Lent thoughts – Serenity

Today’s lent reading brought me to this prayer by Fr James Martin SJ

A New Serenity Prayer

God, grant me the serenity
to accept the people I cannot change,
which is pretty much everyone,
since I’m clearly not you, God.
At least not the last time I checked.

And while you’re at it, God,
please give me the courage
to change what I need to change about myself,
which is frankly a lot, since, once again,
I’m not you, which means I’m not perfect.
It’s better for me to focus on changing myself
than to worry about changing other people,
who, as you’ll no doubt remember me saying,
I can’t change anyway.

Finally, give me the wisdom to just shut up
whenever I think that I’m clearly smarter
than everyone else in the room,
that no one knows what they’re talking about except me,
or that I alone have all the answers.

Basically, God, grant me the wisdom
to remember that I’m not you.

 

 

What are we saying?

Scottish Prayer book_1912“Someone new has joined our congregation. She works shifts so can only come to our midweek mass so we’ve enjoyed getting to know her over coffee after the service. A few days ago she spoke to me about another church she’d visited nearby for their midweek service. She was checking out other churches in case she has to miss a Thursday. This other church was rejoicing that they’d had the covers of their Prayer Books re-bound. How can someone rejoice in using such an old service,” she asked. “The language was awful, the theology even worse. Do they not know what they’re saying, or do they not care? And how on earth is an ancient service going to attract new and younger members? There was so much of it that I just couldn’t say or believe. ”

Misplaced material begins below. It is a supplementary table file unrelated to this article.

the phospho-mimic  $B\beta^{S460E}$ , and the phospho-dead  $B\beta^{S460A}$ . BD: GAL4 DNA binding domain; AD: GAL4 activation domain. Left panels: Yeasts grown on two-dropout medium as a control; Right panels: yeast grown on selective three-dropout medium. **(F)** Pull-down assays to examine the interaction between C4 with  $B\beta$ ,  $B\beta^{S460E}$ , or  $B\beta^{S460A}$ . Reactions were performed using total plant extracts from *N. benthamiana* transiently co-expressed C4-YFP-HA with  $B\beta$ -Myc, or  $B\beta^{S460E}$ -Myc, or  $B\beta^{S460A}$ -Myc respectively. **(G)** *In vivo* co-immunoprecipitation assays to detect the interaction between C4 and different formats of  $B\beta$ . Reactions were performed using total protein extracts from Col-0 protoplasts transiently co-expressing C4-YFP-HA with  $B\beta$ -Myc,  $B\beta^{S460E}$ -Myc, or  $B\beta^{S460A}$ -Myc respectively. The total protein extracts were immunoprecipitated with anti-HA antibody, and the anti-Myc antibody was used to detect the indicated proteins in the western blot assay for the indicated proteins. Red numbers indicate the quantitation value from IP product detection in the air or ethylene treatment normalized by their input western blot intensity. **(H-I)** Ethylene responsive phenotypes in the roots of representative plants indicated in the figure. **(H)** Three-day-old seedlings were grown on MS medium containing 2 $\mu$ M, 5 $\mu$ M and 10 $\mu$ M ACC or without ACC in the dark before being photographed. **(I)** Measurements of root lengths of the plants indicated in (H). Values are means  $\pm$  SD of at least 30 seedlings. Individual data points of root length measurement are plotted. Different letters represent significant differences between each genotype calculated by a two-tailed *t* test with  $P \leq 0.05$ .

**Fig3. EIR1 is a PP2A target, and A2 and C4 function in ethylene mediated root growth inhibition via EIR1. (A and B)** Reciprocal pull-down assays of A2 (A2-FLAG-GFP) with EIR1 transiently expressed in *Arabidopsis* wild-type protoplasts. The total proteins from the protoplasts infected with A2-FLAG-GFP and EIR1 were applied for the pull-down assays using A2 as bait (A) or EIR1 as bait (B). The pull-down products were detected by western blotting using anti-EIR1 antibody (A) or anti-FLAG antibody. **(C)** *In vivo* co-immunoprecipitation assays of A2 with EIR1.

And I had to agree with her. We do use the 1970 Liturgy (grey book) here on Sunday mornings at our 9am service. Usually it is one or two older members who attend, but we do have a family who often bring their young boys along before they go off to sport. And we do have some visitors who come on holiday and I often wonder what they make of it. Just a few weeks ago we had some Germans who were walking the John Muir Way who came in and I wondered how easily they could translate some of it. But any time I have suggested moving to the 1982 Liturgy there is a hue and cry.

And I can understand that too. My home church still uses the 1970 Liturgy and it was what I was first introduced to in the Scottish Episcopal Church. I do love some of the poetry of its words, I know it off by heart,  but must confess that the theology of some of it bothers me too. Yes, I know that some people do join the church to hear that kind of old-fashioned language. But whenever someone new comes to church, looking to join, at one of those services I do find myself saying, “This is very traditional language. You might find the later service more modern.” But usually we don’t see them again. 9am suited them. But the language (and perhaps the theology) put them off.

I’d be interested to hear what others have done in this situation. Carried on to please the oldies? Or forced a change upon them? Or alternated week by week?

In which Ruth ponders scary prayer

I’ve been reading a little of Harry William’s ‘Becoming What I Am’, his book on prayer. It is dated of course, being written in 1977, but still relevant today.

For absolute love, God’s love, makes us fully ourselves, instead of the half people we generally are. And to become fully yourself is a terrible risk. It would commit you to God knows what and lead you God knows where. If I open my heart in simplicity to God’s love I might soon find myself in Bangladesh or something of the sort, or I might find myself disagreeing or even agreeing with Mrs Whitehouse. Or letting in God’s love might prompt me to join the Campaign for Homosexual Equality, or the Tory Party, or it might lead me actively to support the Tribune Group; it might make me concerned about the oppressed peoples of the Third World or even about my neighbour next door who is lonely. And God’s love has been known to make the most respectable people enjoy a pub crawl. And letting in God’s love is no guarantee at all that I will necessarily remain an enthusiastic member of the Church of England or even of the Anglo-Catholic set-up. And so, not so much in our minds consciously as in our bones unconsciously, we see to it that when we pray we keep ourselves tied up in knots. It is much safer. Let us keep on the armour of our sophistication and plump for security.

This is today’s scary Lenten thought. I might not sleep tonight because of it.

cat pray